Deepa Naishadham

American Cancer Society Inc., Atlanta, Georgia, United States

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Publications (9)644.19 Total impact

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    Carol Desantis, Deepa Naishadham, Ahmedin Jemal
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    ABSTRACT: In this article, the American Cancer Society estimates the number of new cancer cases and deaths for African Americans and compiles the most recent data on cancer incidence, mortality, survival, and screening prevalence based upon incidence data from the National Cancer Institute, the Centers for Disease Control and Prevention, and the North American Association of Central Cancer Registries and mortality data from the National Center for Health Statistics. It is estimated that 176,620 new cases of cancer and 64,880 deaths will occur among African Americans in 2013. From 2000 to 2009, the overall cancer death rate among males declined faster among African Americans than whites (2.4% vs 1.7% per year), but among females, the rate of decline was similar (1.5% vs 1.4% per year, respectively). The decrease in cancer death rates among African American males was the largest of any racial or ethnic group. The reduction in overall cancer death rates since 1990 in men and 1991 in women translates to the avoidance of nearly 200,000 deaths from cancer among African Americans. Five-year relative survival is lower for African Americans than whites for most cancers at each stage of diagnosis. The extent to which these disparities reflect unequal access to health care versus other factors remains an active area of research. Overall, progress in reducing cancer death rates has been made, although more can and should be done to accelerate this progress through ensuring equitable access to cancer prevention, early detection, and state-of-the-art treatments. CA Cancer J Clin 2013;. © 2013 American Cancer Society.
    CA A Cancer Journal for Clinicians 02/2013; · 153.46 Impact Factor
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    Rebecca Siegel, Deepa Naishadham, Ahmedin Jemal
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    ABSTRACT: Each year, the American Cancer Society estimates the numbers of new cancer cases and deaths expected in the United States in the current year and compiles the most recent data on cancer incidence, mortality, and survival based on incidence data from the National Cancer Institute, the Centers for Disease Control and Prevention, and the North American Association of Central Cancer Registries and mortality data from the National Center for Health Statistics. A total of 1,660,290 new cancer cases and 580,350 cancer deaths are projected to occur in the United States in 2013. During the most recent 5 years for which there are data (2005-2009), delay-adjusted cancer incidence rates declined slightly in men (by 0.6% per year) and were stable in women, while cancer death rates decreased by 1.8% per year in men and by 1.5% per year in women. Overall, cancer death rates have declined 20% from their peak in 1991 (215.1 per 100,000 population) to 2009 (173.1 per 100,000 population). Death rates continue to decline for all 4 major cancer sites (lung, colorectum, breast, and prostate). Over the past 10 years of data (2000-2009), the largest annual declines in death rates were for chronic myeloid leukemia (8.4%), cancers of the stomach (3.1%) and colorectum (3.0%), and non-Hodgkin lymphoma (3.0%). The reduction in overall cancer death rates since 1990 in men and 1991 in women translates to the avoidance of approximately 1.18 million deaths from cancer, with 152,900 of these deaths averted in 2009 alone. Further progress can be accelerated by applying existing cancer control knowledge across all segments of the population, with an emphasis on those groups in the lowest socioeconomic bracket and other underserved populations. CA Cancer J Clin 2013;. © 2013 American Cancer Society.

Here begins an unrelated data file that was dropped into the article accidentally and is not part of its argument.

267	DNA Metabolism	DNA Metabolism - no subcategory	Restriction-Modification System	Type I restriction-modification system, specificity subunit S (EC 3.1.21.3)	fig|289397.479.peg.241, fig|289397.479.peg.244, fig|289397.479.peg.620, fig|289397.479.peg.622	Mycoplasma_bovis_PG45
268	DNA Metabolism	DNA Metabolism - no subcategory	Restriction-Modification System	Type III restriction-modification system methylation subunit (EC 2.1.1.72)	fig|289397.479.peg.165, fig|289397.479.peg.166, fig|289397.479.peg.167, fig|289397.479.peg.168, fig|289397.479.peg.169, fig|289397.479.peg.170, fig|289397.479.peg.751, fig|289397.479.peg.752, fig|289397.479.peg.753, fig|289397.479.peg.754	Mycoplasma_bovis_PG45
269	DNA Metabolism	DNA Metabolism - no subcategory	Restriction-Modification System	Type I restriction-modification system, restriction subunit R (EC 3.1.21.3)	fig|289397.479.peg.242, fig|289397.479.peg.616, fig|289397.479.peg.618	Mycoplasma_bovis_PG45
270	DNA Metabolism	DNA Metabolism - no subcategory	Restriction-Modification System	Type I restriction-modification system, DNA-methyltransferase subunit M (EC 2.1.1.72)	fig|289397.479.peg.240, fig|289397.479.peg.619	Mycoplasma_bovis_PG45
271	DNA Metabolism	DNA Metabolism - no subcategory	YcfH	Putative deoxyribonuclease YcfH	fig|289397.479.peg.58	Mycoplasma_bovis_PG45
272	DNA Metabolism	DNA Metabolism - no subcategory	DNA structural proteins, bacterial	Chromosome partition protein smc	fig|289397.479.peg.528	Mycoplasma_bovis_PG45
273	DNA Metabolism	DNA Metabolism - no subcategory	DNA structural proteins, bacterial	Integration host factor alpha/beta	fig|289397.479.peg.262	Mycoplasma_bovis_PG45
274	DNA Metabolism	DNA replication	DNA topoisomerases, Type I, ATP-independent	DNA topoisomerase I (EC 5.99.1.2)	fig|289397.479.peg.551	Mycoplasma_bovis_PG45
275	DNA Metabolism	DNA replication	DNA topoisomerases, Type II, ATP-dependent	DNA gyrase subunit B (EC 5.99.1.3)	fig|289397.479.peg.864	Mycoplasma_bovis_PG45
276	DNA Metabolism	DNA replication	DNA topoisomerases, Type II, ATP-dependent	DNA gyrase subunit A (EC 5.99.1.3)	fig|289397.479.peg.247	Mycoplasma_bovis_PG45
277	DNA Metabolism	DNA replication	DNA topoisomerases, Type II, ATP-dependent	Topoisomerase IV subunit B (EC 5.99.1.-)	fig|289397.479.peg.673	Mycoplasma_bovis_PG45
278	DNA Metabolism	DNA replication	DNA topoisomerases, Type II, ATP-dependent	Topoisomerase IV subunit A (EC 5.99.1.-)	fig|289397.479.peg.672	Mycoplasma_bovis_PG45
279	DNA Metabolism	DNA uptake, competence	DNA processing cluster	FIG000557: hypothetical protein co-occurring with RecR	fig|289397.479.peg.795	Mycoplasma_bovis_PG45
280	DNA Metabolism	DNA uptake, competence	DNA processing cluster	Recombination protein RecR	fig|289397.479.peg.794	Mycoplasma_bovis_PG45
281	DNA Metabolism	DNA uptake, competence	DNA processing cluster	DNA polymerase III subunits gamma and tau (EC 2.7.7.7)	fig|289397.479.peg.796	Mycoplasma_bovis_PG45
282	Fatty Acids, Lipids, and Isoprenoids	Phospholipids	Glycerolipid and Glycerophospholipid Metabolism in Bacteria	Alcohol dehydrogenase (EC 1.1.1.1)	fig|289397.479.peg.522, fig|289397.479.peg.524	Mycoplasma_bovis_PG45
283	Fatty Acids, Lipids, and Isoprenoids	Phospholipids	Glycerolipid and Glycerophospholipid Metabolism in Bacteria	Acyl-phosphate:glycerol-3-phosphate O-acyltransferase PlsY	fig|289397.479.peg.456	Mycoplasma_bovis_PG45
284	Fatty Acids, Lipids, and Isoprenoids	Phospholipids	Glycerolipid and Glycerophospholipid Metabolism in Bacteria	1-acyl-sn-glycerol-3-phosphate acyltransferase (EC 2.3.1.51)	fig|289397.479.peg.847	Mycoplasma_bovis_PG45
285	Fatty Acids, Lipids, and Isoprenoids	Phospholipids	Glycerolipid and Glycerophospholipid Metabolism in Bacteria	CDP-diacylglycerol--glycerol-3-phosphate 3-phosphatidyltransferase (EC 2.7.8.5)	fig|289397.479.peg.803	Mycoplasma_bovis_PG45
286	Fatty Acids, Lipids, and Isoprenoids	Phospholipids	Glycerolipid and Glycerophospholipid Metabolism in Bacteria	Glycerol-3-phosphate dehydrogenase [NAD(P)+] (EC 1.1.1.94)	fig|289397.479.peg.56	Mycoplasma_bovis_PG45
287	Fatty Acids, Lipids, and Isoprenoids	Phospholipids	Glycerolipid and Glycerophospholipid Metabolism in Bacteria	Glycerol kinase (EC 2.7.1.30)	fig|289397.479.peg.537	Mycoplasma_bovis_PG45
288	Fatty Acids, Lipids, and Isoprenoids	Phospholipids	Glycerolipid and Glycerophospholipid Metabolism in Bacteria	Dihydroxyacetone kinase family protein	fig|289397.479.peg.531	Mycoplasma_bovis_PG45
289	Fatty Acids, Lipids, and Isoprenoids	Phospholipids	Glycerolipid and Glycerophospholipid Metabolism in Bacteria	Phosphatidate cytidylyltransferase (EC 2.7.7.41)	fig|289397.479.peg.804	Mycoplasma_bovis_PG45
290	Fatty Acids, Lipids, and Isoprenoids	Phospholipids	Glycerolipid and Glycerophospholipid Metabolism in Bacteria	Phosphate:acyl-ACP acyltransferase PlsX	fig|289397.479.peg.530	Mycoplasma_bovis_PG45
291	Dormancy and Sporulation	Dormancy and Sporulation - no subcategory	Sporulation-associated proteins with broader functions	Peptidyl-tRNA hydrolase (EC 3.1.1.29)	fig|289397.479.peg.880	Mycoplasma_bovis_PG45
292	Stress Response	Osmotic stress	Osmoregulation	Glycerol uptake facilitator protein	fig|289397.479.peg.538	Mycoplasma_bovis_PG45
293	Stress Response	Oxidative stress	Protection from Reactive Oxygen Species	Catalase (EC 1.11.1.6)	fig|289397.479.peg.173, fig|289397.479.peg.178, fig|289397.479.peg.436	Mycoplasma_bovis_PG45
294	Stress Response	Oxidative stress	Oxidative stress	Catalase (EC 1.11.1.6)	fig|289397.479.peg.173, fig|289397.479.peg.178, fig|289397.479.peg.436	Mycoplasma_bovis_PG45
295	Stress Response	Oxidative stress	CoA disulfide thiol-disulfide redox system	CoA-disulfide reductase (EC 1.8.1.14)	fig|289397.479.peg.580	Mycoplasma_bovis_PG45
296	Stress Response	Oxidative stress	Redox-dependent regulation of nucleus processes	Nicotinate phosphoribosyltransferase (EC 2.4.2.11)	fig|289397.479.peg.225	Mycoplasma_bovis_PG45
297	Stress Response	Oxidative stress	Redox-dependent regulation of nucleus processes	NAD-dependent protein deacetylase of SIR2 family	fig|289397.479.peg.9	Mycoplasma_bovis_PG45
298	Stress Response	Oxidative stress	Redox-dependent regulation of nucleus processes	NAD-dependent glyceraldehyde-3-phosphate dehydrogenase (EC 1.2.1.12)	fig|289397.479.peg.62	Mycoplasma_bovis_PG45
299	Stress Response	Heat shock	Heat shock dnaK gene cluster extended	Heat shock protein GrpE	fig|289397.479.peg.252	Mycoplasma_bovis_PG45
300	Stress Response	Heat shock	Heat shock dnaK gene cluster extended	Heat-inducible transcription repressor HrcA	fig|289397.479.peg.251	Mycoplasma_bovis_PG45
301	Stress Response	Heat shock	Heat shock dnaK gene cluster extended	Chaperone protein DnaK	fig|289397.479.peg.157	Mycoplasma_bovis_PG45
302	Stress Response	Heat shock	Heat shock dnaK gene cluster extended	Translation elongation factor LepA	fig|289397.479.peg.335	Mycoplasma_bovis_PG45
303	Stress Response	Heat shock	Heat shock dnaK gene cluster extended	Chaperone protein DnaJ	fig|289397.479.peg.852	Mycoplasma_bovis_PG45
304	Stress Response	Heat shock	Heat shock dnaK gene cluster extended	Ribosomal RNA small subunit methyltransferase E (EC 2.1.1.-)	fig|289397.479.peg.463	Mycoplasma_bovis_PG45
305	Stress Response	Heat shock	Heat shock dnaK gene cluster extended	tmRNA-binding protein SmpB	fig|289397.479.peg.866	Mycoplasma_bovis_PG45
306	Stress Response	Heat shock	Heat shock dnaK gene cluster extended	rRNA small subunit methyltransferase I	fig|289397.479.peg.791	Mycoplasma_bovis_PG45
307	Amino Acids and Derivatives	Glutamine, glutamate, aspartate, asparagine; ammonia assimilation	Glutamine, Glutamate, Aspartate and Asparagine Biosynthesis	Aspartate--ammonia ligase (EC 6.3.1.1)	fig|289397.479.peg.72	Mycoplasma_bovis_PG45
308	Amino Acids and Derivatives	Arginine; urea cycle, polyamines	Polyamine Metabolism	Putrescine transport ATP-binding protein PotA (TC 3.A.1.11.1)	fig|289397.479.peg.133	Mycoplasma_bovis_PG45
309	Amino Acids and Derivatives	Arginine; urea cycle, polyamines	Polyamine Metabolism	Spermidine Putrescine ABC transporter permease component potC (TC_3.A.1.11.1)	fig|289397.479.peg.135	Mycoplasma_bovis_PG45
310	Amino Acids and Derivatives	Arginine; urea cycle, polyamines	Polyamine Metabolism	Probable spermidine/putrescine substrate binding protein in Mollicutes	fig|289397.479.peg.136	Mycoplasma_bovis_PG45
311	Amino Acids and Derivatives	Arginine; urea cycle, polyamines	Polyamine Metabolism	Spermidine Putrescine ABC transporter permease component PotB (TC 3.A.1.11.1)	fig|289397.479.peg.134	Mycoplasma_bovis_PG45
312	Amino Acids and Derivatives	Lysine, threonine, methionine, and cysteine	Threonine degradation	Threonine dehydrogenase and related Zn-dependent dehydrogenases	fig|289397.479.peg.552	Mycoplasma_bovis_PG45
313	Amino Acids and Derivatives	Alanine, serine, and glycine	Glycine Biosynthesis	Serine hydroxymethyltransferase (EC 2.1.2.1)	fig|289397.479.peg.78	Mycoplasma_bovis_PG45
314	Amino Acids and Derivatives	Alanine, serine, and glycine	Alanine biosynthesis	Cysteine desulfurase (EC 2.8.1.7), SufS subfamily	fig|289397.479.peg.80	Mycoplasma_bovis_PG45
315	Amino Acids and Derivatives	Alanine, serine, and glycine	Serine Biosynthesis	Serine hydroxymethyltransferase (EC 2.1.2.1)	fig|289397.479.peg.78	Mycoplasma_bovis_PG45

CA A Cancer Journal for Clinicians 01/2013; · 153.46 Impact Factor
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    ABSTRACT: BACKGROUND Overall declines in human immunodeficiency virus (HIV) mortality may mask patterns for subgroups, and prior studies of disparities in mortality have used area-level vs individual-level socioeconomic status measures. The aim of this study was to examine temporal trends in HIV mortality by sex, race/ethnicity, and individual level of education (as a proxy for socioeconomic status). METHODS We examined HIV deaths among non-Hispanic white, non-Hispanic black, and Hispanic men and women aged 25 to 64 years in 26 states (1993-2007; N = 91 307) reported to the National Vital Statistics System. The main outcome measures were age-standardized HIV death rates, rate differences, and rate ratios by educational attainment and between the least- and the most-educated (≤12 vs ≥16 years) individuals. RESULTS Between 1993-1995 and 2005-2007, mortality declined for most men and women by race/ethnicity and educational levels, with the greatest absolute decreases for nonwhites owing to their higher baseline rates. Among men with the most education, rates per 100 000 population decreased from 117.89 (95% CI, 101.08-134.70) to 15.35 (12.08-18.62) in blacks vs from 26.42 (24.93-27.92) to 1.79 (1.50-2.08) in whites. Rates were unchanged for the least-educated black women (26.76; 95% CI, 24.30-29.23; during 2005-2007) and remained high for similarly educated black men (52.71; 48.96-56.45). Relative declines were greater with increasing levels of education (P < .001), resulting in widening disparities. Among men, the disparity rate ratio (comparing the least and the most educated) increased from 1.04 (95% CI, 0.89-1.21) during 1993-1995 to 3.43 (2.74-4.30) during 2005-2007 for blacks and from 0.98 (0.91-1.05) to 2.82 (2.34-3.40) for whites. CONCLUSION Although absolute declines in HIV mortality were greatest for nonwhites, rates remain high among blacks, especially in the lowest educated groups, underscoring the need for additional interventions.